A few weeks ago Anthony Bourdain was in Provence, France filming his Emmy Award winning Travel Channel show “No Reservations” and while dinning al-fresco with his guide he said “everybody in some childlike way craves a life of simplicity, where they have a garden, a beautiful sun, where they can walk into a small town and everybody will know them and wave”. This about sums up how I feel about France and although his guide Ann said laughingly that in his little movie there is no “sweat” and here is considerable work and sweat. The fact is that rural France was a hard place to live always, a rocky terrain not suited to vineyards and the growing of vegetables or livestock, but somehow they made it work. Today of course they survive on the tourist trade to a large extent and what makes downtown unbearable for the indigenous population is also what keeps many people employed, and since I started buying France magazine, I am beginning to be drawn into the desire to see the small towns and villages and less drawn to Paris itself…maybe it’s the thought of being an ex-pat in the future when I’m older and more settled or the thought of being in a town where everybody would wave to me as I make my daily rounds. The guide Ann was very appealing to me, mid 50’s with a full head of long grey hair and very stocky,  she has a very provincial earthy appeal and a great personality, I guess you know you’re getting older when you start fantasizing about older women than yourself and less about the young girls in the seat in front of me. They are chattering away like magpies about everything and giggle incessantly as they talk about school, work , and friends. I can see the face and chest of the girl facing me through the opening  in the top of the seat for the hand-grip. What a clean fresh face with a dazzling smile and perfect hair, she wears a peace sign necklace which rests on her chest, I muse on the thought that a child of the 90’s could hardly know what a peace sign entails, I mean she wasn’t even born yet. Heck, I thought that guys with long hair in army jackets were veterans back from the war who couldn’t stand having short hair cuts, at five years old the Summer of Love was as unknown to me as the student protests and the realities of the war. In back of me a young couple talk in hushed tones and also giggle as they hunch over a new computer phone and app away the time doing God only knows to their friends to cause such quiet hilarity. Oh to be young and in love. We descend into the tunnels and my ears pressurize and I yawn to pop them, soon the streets of N.Y.C.

 I come up into Penn Station and make my way to the 8th Ave subway line, my first goal is to get to the theater and pick up my ticket for tonight, then lunch. The station is hopping as usual with tourists, workers, and people heading for a show like myself, I weave by the crowds  like a motorcycle does through a traffic jam on the freeway and go upstairs to the uptown branch, but I don’t have to wait long as I approach the turnstile I hear a train come in and I hop on easily for the short ride to 42nd St station. It’s an easy walk up to ground level and up the 3 blocks to the theater, the wind is making me a little cold but the sun is out and the full spectrum of sound and color hits you as Time Square looms all around you like a giant robot encircling you with its arms and looking down on us all, its glowing eyes flashing and head spinning. I find the theater and see a line down the block for the matinée of Red in about an hour, a good sign I think as I pick up my ticket and turn around to go to my brunch destination for today.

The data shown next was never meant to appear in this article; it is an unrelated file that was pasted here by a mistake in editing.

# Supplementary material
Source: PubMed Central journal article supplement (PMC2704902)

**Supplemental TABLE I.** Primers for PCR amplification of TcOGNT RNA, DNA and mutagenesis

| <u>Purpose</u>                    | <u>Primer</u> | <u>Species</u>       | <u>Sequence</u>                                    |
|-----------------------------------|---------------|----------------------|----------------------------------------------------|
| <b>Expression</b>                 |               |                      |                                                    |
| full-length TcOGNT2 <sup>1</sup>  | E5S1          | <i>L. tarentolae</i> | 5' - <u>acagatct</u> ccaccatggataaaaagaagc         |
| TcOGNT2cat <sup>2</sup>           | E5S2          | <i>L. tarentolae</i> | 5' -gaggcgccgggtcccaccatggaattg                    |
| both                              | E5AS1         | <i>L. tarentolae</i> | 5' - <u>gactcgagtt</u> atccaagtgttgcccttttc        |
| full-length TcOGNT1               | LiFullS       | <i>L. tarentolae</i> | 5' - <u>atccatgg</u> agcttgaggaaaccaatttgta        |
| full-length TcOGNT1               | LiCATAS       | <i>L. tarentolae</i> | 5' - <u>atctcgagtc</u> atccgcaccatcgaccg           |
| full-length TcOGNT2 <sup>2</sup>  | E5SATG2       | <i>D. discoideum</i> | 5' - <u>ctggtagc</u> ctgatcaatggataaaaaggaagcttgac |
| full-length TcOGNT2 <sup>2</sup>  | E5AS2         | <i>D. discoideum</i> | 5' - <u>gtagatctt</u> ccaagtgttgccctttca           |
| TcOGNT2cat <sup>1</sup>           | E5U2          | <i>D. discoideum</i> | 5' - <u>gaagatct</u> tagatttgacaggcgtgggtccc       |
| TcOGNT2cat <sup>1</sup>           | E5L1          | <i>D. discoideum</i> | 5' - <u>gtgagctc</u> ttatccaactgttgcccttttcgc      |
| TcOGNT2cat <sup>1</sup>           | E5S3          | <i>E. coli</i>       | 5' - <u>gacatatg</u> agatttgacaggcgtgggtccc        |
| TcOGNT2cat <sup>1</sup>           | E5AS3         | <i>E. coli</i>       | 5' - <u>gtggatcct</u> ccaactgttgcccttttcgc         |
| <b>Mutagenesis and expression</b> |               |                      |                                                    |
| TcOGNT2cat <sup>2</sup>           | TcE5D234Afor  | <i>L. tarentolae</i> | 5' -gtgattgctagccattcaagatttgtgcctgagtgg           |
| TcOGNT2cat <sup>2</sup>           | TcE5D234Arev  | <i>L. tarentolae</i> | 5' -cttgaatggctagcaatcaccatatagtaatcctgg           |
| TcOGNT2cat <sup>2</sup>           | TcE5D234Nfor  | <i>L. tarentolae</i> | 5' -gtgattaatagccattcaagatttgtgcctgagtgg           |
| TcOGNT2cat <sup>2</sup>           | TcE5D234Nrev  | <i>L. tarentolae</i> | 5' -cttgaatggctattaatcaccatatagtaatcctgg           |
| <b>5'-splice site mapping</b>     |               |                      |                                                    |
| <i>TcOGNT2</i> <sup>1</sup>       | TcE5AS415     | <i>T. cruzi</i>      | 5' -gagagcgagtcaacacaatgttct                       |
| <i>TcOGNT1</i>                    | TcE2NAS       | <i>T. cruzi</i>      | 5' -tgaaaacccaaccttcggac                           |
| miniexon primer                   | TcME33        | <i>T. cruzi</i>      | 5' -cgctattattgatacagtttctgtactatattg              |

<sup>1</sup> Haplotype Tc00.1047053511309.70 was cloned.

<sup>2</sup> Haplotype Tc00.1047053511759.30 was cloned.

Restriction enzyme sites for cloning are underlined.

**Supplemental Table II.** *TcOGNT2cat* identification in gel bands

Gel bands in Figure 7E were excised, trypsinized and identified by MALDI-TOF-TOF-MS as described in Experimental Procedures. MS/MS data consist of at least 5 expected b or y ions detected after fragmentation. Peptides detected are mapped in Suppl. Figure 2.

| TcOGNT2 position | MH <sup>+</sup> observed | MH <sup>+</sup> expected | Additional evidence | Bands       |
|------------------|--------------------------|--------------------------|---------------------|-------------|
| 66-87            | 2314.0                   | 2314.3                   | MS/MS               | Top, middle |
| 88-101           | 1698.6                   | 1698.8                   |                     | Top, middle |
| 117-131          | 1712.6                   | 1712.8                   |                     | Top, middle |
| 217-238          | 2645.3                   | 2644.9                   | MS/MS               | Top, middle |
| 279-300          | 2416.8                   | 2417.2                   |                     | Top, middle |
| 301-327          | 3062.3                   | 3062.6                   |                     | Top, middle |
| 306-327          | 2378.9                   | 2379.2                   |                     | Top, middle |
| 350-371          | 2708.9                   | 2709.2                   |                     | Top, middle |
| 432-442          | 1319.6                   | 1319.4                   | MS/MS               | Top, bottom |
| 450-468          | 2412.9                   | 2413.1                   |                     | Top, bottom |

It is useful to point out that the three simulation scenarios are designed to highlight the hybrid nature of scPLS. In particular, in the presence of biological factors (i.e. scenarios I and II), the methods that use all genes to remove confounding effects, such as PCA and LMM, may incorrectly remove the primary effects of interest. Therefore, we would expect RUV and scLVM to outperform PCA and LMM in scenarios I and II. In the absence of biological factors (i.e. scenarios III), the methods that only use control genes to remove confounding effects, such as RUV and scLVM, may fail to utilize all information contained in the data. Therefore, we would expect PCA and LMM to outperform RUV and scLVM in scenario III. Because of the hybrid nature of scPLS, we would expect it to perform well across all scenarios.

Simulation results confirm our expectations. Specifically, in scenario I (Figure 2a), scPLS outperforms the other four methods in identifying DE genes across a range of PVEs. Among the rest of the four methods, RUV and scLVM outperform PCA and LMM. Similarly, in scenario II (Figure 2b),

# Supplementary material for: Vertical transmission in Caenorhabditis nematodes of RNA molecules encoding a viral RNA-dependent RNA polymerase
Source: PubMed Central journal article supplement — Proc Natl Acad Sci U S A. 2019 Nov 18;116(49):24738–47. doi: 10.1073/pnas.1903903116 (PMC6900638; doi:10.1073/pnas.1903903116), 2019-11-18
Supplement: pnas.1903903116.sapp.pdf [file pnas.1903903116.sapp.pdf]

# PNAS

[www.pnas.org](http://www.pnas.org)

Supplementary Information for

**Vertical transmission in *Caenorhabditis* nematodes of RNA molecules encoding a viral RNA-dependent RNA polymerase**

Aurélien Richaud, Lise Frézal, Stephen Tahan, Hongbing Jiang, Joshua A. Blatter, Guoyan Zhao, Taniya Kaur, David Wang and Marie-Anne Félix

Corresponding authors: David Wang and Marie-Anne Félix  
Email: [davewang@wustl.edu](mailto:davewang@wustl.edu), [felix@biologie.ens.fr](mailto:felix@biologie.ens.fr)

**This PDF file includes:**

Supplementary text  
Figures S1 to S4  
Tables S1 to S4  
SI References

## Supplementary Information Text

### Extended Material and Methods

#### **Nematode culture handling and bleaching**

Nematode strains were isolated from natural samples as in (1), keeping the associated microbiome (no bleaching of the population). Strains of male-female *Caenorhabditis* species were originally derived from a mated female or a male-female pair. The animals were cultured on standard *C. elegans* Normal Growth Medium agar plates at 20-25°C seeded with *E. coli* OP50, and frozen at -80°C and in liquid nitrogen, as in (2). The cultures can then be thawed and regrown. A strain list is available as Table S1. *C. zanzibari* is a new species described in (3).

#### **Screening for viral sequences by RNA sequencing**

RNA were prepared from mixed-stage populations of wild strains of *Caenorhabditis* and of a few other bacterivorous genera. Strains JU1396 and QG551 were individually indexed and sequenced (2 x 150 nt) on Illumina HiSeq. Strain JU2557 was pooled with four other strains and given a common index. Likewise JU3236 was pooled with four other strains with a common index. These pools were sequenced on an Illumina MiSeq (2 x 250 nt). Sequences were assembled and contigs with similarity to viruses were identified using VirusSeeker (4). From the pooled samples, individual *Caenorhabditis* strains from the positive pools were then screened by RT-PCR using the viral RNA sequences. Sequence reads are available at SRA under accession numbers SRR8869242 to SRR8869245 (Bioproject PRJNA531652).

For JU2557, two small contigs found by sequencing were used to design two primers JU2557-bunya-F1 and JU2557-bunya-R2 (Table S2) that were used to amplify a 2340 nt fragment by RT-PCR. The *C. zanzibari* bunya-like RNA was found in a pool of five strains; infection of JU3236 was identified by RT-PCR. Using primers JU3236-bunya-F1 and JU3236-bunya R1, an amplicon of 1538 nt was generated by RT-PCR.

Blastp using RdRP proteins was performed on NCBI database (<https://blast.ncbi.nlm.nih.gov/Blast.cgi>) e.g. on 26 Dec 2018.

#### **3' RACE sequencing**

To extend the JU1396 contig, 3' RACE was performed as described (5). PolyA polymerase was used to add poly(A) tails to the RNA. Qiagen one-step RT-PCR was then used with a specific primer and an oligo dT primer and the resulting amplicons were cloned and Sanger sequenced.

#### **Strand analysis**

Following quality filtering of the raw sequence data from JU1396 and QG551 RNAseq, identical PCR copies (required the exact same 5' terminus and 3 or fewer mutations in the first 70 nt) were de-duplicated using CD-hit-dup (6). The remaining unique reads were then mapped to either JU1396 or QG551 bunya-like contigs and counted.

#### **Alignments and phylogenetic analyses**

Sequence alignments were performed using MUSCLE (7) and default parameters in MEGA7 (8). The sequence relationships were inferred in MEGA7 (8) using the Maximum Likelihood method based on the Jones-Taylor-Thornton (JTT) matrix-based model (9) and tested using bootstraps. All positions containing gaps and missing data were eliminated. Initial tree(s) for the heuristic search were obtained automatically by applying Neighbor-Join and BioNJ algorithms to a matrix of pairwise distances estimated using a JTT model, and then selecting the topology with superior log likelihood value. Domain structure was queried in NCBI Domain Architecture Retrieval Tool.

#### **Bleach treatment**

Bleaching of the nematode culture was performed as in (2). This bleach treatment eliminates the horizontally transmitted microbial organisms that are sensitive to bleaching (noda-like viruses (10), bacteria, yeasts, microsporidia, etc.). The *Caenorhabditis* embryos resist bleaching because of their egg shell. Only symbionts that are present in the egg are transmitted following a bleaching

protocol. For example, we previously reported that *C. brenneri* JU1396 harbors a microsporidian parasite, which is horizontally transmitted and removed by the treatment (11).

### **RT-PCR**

Marseille is a NYC landmark combining French, Italian and Greek influences, and has been in Hell’s Kitchen for 9 years, I have always wanted to eat here but never got around to it. I go inside to get a table but it is packed and loud so I ask to be seated outside and am glad I did, the sun is warming now so I order two items, Soupe au pistou, a garlic vegetable soup I’ve never had and a scramble of eggs with Merguez, a spicy mediterranean lamb sausage with creme fraiche, potatoes rosti, and greens. I also order a decaf cafe au lait which is served in a bowl! This is about as traditional French as it gets. I receive a complementary plate of sliced rye and grain bread with mini carrot muffins and a small plate with jam and 1 pat of butter, I begin to tuck into this and hold my coffee bowl with both hands and smile into the hot creamy beverage as I take my first sip. If I close my eyes I could be in Paris or Marseilles, except of course for the English being spoken around me

The way coffee should be enjoyed!

When my soup comes it is a pleasure for the eyes, lots of colorful vegetables with beans and macaroni in a clear vegetable broth with thin slices of garlic and grated cheese, it is very good and just what I need right now. It’s all I could do to not gobble it up like a dog, dunking my bread and licking the bowl! When my plate has been cleared I wait for my eggs and I am not disappointed, the fluffy mound of eggs topped with creme fraiche and chopped tomato and crunchy onion is wonderful, if you read my post “The Case for Scrambled Eggs” then you know how much I enjoy real scrambled eggs and these were no exception.

Life is not sucking right now!

They are soft and savory with the spicy Merguez sausage being balanced out by the sweet creme, the potatoes however were very greasy and decadent in a bad sort of way but the field greens were in a delicate vinaigrette that I still can’t seem to duplicate at home, altogether a fantastic meal. It’s a little hot in the direct sun but as I sip my coffee I think that this is the most relaxed I’ve been in a long time. Next tp me an upscale couple sits sipping bloody mary’s and eating goat cheese and asparagus tarts with field greens and lamb sausage, it too smells great. I pay the check after letting my food go down a little and walk back up to 42nd street station and take the subway downtown to the village, I am looking for some t-shirts to send to Mark and Sharon in England that I saw last year when I didn’t have the money to buy them. I hope the street fair in is full swing as I descend the stairs and hear the familiar rush of wheels on track as I zip through the turnstile and walk for the train doors.

Peace

Glen